At 27, filmmaker Brit Fryer is establishing himself as a unique and powerful voice in filmmaking. An alum of the Sundance Ignite Fellowship and the Creative Culture Fellowship at the Jacob Burns Film Center (among many other distinctions), Fryer currently has two short documentary films in festival screenings, Caro Comes Out and Across, Beyond, and Over—although, of course, film festivals are online-only events these days. And from his apartment in Brooklyn’s Bed-Stuy neighborhood, he’s continuing to work and to plan his next film projects.
Fryer grew up in the Chicago area and studied film at Carleton College in Minnesota before moving to New York. Although he has made some forays into narrative films, most of his work is in the documentary space—and many of his projects explore ideas about gender and sexuality. “A lot of my films are about my own identity as a trans man,” he explains. “And primarily I work on documentaries where I’m working very closely with my subjects to develop their stories.”
Throughout his life, Fryer has been interested in storytelling—originally finding his voice through slam poetry and participating in Chicago’s vibrant slam poetry scene. When he got to university, he discovered filmmaking and found a new passion. Then in 2016, his senior thesis film, trans-ience, an experimental short that explores his own experiences as a trans man, earned him a Sundance Ignite fellowship—which set him firmly on his career path.
It was during this period that Fryer was quoted in a Buzzfeed article as saying he wanted to “revolutionize trans filmmaking”—and that is still a goal, but the meaning has evolved somewhat. Fryer explains, “At that time, I was thinking about representation—just seeing more people who looked like me both making movies and in movies. But since 2016, we’ve seen a radical shift in representation. We’ve seen more trans characters and more trans folks behind the camera. Now I’m interested in what’s on the horizon of our storytelling, on the stories inside our communities.”
As an example of that, Fryer points to Kind Of, a short film he produced in collaboration with Noah Schamus, about two trans men who are grappling with their new open relationship. Fryer says, “This was a project I wanted to produce because often when we see trans characters, they’re alone, or the film’s central issue is their transness versus the world…but in the world of this short, everyone is trans. We’re dealing with issues that are in our community, rather than our community versus the rest of the world.”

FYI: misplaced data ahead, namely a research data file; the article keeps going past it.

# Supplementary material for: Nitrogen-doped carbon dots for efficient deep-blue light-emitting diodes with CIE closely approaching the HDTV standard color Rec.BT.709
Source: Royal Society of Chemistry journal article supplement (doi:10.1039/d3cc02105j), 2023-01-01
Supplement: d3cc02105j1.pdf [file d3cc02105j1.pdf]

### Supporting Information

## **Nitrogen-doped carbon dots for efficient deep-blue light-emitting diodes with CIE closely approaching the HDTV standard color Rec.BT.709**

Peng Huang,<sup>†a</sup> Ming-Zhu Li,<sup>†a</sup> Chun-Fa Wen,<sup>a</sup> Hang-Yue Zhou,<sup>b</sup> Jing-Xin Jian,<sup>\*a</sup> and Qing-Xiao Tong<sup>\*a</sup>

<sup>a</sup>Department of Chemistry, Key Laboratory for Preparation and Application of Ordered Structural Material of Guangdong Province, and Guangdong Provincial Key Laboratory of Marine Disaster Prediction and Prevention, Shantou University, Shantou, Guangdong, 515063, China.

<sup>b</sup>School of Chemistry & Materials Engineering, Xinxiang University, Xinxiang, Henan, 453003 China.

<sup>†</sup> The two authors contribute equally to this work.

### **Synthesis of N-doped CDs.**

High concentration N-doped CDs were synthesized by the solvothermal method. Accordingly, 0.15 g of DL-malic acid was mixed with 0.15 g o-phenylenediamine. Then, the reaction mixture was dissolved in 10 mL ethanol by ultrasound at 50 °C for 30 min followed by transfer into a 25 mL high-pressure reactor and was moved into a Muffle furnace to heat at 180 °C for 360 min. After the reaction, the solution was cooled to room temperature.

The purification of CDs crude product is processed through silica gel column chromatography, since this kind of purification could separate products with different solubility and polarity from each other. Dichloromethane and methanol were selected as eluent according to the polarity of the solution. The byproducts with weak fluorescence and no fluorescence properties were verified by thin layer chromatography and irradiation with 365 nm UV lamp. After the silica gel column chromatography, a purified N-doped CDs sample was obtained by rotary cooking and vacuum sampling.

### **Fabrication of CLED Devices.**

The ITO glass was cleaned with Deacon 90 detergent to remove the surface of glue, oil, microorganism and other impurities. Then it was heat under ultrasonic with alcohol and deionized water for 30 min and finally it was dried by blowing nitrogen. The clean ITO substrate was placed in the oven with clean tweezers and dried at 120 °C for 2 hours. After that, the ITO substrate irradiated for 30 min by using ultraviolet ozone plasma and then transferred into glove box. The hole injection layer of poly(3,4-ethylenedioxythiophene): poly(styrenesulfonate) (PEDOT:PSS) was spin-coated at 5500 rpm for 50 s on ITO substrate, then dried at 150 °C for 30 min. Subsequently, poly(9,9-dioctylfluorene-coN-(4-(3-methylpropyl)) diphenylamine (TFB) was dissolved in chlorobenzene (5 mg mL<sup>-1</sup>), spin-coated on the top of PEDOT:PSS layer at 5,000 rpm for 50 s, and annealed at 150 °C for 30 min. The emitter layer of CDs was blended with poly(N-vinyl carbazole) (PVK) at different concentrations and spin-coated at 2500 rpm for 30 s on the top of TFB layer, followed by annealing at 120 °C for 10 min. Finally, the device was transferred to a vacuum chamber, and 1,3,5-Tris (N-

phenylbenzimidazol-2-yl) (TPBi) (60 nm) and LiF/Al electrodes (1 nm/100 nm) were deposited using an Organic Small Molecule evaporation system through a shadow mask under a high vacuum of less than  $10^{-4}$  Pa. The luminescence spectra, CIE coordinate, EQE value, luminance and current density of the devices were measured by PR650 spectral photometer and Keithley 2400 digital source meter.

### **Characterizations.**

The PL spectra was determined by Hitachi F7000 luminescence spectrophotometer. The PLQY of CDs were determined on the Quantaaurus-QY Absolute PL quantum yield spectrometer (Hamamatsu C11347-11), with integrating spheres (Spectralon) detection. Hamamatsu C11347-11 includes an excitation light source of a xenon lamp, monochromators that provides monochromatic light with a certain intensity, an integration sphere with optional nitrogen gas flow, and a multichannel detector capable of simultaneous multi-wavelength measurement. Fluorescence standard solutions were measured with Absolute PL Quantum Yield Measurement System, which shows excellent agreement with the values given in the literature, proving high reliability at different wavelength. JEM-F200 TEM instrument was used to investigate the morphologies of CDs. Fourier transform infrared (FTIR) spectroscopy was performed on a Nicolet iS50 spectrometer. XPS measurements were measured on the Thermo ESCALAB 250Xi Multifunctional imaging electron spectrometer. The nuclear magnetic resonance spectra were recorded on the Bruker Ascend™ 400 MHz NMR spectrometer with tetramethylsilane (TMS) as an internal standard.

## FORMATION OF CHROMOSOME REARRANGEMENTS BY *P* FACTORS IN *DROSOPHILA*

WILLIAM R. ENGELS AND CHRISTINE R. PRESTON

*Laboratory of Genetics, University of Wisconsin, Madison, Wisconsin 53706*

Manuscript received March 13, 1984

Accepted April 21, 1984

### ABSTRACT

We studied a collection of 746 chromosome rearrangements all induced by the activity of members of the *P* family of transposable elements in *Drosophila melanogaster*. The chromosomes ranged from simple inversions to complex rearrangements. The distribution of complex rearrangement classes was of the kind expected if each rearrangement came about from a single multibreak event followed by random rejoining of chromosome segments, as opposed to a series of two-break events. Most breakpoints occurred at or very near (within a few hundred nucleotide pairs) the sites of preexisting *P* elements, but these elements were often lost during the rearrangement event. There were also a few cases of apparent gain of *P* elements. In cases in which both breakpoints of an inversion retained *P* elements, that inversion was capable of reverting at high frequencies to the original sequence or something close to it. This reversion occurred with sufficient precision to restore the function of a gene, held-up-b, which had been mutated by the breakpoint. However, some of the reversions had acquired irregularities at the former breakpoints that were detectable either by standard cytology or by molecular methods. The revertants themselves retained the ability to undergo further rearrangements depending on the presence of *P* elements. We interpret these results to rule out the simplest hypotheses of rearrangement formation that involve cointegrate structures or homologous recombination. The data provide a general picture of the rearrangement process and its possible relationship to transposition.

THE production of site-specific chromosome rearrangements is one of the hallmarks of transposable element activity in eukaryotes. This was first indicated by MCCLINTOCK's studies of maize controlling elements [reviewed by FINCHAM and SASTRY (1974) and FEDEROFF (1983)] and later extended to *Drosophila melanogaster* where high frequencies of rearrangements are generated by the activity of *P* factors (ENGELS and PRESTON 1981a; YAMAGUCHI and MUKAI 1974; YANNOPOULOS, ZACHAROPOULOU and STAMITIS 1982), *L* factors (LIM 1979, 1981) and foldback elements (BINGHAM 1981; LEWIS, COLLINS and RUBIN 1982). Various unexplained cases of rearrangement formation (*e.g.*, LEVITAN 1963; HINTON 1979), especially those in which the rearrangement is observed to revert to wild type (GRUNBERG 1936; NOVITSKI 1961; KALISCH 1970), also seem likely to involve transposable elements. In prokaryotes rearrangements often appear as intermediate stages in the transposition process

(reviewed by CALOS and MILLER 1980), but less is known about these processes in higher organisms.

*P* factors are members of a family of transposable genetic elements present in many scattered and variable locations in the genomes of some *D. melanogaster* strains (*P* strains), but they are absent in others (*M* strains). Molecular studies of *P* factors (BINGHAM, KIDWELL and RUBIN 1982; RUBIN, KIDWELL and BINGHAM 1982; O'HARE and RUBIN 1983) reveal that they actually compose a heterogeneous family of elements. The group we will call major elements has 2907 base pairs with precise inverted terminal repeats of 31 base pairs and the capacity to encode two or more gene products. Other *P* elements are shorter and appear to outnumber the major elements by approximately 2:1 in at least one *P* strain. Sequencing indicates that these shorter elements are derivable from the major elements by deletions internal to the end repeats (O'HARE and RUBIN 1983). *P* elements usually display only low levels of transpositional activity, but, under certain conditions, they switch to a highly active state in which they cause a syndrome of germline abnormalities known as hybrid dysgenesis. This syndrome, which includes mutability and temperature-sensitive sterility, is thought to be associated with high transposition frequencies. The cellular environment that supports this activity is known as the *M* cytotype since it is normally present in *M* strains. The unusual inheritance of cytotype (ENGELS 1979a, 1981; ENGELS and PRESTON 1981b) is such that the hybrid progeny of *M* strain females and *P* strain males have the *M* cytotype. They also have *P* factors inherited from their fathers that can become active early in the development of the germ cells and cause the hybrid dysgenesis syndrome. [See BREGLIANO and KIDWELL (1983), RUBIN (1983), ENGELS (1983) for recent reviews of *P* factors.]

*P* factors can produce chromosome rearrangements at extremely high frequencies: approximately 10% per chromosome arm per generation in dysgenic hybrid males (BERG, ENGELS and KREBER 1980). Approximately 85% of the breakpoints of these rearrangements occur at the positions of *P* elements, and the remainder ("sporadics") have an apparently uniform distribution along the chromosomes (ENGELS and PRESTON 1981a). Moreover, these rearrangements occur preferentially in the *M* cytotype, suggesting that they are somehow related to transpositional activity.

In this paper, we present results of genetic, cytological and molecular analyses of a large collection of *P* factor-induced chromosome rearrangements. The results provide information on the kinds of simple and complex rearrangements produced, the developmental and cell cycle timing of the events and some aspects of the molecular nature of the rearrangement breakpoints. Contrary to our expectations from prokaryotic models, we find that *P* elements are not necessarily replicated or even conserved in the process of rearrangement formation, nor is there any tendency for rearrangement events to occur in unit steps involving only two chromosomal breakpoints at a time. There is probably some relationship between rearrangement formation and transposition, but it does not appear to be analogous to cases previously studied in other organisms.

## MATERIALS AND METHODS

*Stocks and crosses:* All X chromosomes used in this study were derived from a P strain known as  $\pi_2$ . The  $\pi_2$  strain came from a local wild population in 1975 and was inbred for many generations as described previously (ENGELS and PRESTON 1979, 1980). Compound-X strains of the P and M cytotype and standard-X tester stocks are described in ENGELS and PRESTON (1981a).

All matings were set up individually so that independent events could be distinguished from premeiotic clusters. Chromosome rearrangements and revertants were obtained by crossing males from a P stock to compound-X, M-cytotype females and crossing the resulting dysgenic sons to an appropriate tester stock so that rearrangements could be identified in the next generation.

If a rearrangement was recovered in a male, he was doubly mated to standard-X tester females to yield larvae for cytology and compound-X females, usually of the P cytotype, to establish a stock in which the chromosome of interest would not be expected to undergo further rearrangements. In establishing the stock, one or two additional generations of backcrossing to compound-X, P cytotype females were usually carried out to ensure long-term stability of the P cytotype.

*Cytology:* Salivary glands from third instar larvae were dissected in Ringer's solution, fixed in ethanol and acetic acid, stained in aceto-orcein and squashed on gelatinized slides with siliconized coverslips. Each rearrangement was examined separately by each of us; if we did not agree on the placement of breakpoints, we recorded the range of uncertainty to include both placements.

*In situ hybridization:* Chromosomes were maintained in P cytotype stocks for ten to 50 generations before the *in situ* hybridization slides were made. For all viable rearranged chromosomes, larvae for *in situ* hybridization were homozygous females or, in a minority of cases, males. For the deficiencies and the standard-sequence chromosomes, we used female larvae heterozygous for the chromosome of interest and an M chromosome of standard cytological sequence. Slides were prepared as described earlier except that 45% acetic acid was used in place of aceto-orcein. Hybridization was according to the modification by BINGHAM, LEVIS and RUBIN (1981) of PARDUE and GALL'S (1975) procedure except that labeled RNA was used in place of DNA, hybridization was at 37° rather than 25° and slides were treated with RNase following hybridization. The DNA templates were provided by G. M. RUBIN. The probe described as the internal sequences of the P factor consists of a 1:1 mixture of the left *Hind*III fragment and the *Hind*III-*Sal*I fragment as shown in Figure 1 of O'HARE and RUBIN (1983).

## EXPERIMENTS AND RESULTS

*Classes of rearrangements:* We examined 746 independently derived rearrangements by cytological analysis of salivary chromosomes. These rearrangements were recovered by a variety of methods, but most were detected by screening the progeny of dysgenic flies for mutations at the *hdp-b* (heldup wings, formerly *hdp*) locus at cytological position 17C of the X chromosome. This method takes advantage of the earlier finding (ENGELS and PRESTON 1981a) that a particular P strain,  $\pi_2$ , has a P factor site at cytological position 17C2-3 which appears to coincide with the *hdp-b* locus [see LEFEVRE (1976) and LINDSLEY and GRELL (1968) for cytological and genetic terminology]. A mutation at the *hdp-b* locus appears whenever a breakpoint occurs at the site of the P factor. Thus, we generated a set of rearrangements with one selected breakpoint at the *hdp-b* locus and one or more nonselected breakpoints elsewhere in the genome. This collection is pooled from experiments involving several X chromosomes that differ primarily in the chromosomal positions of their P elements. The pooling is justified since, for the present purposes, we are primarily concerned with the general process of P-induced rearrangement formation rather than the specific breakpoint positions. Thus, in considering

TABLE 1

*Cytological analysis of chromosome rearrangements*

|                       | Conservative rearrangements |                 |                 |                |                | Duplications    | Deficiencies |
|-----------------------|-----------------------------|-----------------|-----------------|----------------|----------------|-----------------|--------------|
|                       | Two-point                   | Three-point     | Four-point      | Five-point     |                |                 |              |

Fryer’s Creative Process
During the preproduction stage on his films, Fryer typically develops an outline or script that will form a frame inside of which the documentary will happen. And then, he says, “We let real things happen within the shapes that we’ve made.” Although he begins film projects with clear goals, he believes it’s important to stay open to reimagining those goals.
He explains, “This is sort of the way I look at ‘transing’—if I can use that as a verb—my documentary practice…. How can I take my own positionality as a person who has transgressed certain binaries and boundaries, and put that into my filmmaking? No matter if I’m making stories directly about trans people or not.”
This was certainly the case with Fryer’s film Across, Beyond, and Over, which had its premiere in 2019. The film is ostensibly about Fryer and the first person he ever dated, as they reconnect to craft a narrative film about their lives. They had planned on writing something together and decided that it would also be interesting to document the process. But in the course of making the film, they discovered that they had many other issues to explore.
The same thing happened in his film Caro Comes Out. Fryer explains, “In that short, we have Caro, a Cuban-American writer, who came to me and said, ‘I want to go to Miami and come out to all my family members, like all thirty of them, just in one go.’ But when we got to Miami, that goal quickly fell away, and the film became more of an exploration of life among these multiple generations of Cuban Americans…. I’m really interested in that—in what happens to people as they are on a path: how do they divert, what do they learn in these diversions, and what do we learn from their changes?”